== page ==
June 9, 2008 | Insatiable Critic

No Country for Old Provence


Hundred Acres’s steamed clams with green garlic and garlic bread. Photo: Steven Richter

        There is no mule tethered to a lamppost in front of Hundred Acres. Beyond that, Marc Meyer and Vicki Freeman (Cookshop, Five Points) have gone all out to evoke their signature farm fresh image here, obliterating the poetically romantic charm of their failed effort to restore creaky old Provence. There’s a new, less awkward entrance and long communal tables, as well as pavement-side two tops and fours. Only the handsome dark grooved wood paneling remains from Michel and Patricia Jean’s bustling bistro where we fought for tables in the late 80s.


 Doors thrown wide on Hundred Acres new country look. Photo: Steven Richter

        White subway tiles give the front room an old butcher shop feel. And the lush Tennessee Williams stageset backyard Freeman lavished with climbing vines that I so loved has been stripped down to a farmhouse vibe with low-rent potted plants. But nevermind.  In just one week the kitchen already hits the mark with luscious barely-cooked sea scallop-and-turnip kabobs and splendid fried chicken (alas, the waiter who promised us all dark meat, the gourmandlich choice, did not do his homework. I should have known it was too good to be true). Remarkably fresh greens pop up everywhere, including a couple of langorous leaves on the edge of a bowl of chilled pea soup, a gift from the kitchen. A nicely spicy pork and wild nettle sausage comes with fava and cannelloni bean ragu in its own black iron skillet.

       

 Scallops with turnips and market greens.  Photo: Steven Richter
The persnickety burger mavens at our table give thumbs up to this one, pasture-raised beef with fancy cheddar, and shoestring fries to dip in Vidalia onion mayo.  Our sixsome debates ordering an encore of the marvelous soft-shell crab sandwich with first-rate slaw. Some so-called chefs carelessly obliterate the delicacy of this fragile seasonal creature in an armor of crumbs, but not Meyer and his chef de cuisine, Joel Hough, rotating in and out of Cookshop.  In a rare reversal of the usual, entrees, all $22 or less, are mostly better than the slightly more aggressively-priced starters (three of them are $12 tonight, but being linked to the market, the menu can change daily).  “This is our neighborhood. We liked Provence, too,” Freeman tells me, “But we wanted the place to be more accessible so that the neighbors could come two or three times a week…When we go out with our kids, we’re always looking for a place we’ll all like that doesn’t cost $200.”  (Barbuto and Bar Pitti are family hangouts, she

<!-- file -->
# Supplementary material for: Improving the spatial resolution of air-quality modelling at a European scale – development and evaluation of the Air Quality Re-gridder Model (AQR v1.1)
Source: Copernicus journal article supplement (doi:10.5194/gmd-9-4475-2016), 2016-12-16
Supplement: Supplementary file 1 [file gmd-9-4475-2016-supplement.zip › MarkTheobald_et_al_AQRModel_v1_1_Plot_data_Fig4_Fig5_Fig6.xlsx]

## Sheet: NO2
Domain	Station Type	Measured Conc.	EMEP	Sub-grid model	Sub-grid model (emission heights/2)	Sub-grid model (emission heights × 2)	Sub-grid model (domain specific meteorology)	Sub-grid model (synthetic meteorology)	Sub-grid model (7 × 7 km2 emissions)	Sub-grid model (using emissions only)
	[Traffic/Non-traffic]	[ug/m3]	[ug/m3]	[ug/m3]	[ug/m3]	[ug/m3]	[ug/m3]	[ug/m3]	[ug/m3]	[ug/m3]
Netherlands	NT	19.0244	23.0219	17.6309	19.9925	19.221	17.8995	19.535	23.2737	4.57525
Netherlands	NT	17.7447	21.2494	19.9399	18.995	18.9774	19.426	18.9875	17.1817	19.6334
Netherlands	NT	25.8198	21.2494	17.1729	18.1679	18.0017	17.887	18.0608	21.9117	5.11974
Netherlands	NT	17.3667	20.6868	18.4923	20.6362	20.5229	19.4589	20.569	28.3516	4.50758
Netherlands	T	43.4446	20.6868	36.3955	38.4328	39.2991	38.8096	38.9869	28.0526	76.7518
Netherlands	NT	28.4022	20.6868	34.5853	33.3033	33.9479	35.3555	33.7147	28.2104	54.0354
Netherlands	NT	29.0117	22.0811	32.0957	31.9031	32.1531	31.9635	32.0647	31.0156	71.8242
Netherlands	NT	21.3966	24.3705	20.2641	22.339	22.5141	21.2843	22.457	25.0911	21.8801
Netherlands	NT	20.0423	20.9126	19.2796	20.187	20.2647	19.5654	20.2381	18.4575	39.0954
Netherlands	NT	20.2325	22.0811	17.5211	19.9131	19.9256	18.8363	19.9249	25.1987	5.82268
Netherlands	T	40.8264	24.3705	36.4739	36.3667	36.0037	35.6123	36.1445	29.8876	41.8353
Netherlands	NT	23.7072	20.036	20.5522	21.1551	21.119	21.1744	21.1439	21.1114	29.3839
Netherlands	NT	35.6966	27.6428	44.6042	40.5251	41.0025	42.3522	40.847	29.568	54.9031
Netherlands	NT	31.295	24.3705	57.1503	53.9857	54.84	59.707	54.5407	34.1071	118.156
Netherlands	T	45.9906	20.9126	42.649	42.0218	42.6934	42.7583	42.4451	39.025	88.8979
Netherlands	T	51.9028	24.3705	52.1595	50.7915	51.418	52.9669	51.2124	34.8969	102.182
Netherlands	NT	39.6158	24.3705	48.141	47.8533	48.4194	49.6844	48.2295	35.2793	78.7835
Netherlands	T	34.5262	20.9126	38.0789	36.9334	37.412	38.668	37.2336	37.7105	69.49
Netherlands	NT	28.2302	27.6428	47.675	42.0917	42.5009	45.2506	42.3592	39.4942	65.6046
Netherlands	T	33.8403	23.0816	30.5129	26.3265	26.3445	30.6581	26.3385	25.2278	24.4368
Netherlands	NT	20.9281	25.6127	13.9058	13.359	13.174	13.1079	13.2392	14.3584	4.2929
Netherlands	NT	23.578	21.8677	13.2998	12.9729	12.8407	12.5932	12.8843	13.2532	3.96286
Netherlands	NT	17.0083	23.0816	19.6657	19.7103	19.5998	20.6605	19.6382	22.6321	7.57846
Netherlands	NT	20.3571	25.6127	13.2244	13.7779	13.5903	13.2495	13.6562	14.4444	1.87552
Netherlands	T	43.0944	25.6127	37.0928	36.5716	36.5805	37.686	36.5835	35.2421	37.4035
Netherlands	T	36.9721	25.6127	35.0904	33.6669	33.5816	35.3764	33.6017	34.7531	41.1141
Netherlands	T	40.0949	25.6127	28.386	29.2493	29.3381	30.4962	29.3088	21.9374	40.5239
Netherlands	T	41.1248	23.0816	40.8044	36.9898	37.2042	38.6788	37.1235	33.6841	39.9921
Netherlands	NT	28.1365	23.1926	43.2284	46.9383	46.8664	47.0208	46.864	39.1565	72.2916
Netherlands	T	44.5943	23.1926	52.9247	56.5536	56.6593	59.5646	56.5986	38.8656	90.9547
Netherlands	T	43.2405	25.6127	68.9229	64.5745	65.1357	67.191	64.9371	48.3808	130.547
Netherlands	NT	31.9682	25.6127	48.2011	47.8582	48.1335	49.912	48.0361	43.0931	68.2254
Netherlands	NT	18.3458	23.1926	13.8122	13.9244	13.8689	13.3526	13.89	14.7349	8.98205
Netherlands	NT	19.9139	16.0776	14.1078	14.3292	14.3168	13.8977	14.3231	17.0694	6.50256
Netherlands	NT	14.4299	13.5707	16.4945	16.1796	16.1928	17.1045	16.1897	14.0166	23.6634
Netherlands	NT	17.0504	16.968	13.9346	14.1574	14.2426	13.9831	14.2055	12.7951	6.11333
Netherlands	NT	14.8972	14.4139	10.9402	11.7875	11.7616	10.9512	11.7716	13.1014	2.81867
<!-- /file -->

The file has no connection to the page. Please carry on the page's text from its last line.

Fried chicken on the back porch. Photo: Steven Richter
confides.)

        Avoid totally misguided tongue (too thinly sliced, disintegrating on the plate) and over-gussied up macaroni-and-goat-cheese. Not that I find peas and morels sacrilegious in a dish that is virtually my religion. I just want more pasta then cheese and a crust that crunches. But I love the fried asparagus and steamed littlenecks (salty as they are) with garlic bread. In fact, all the bread here from Grandaisy Bakery is first rate.  Good rhubarb tart with whipped cream and blueberry pie with cream cheese ice cream remind me this is a worthy work-in-progress. And if the glass skylight becomes retractable as planned, all eyes will be looking up.

 38 MacDougal Street, near Prince. 212 475 7500

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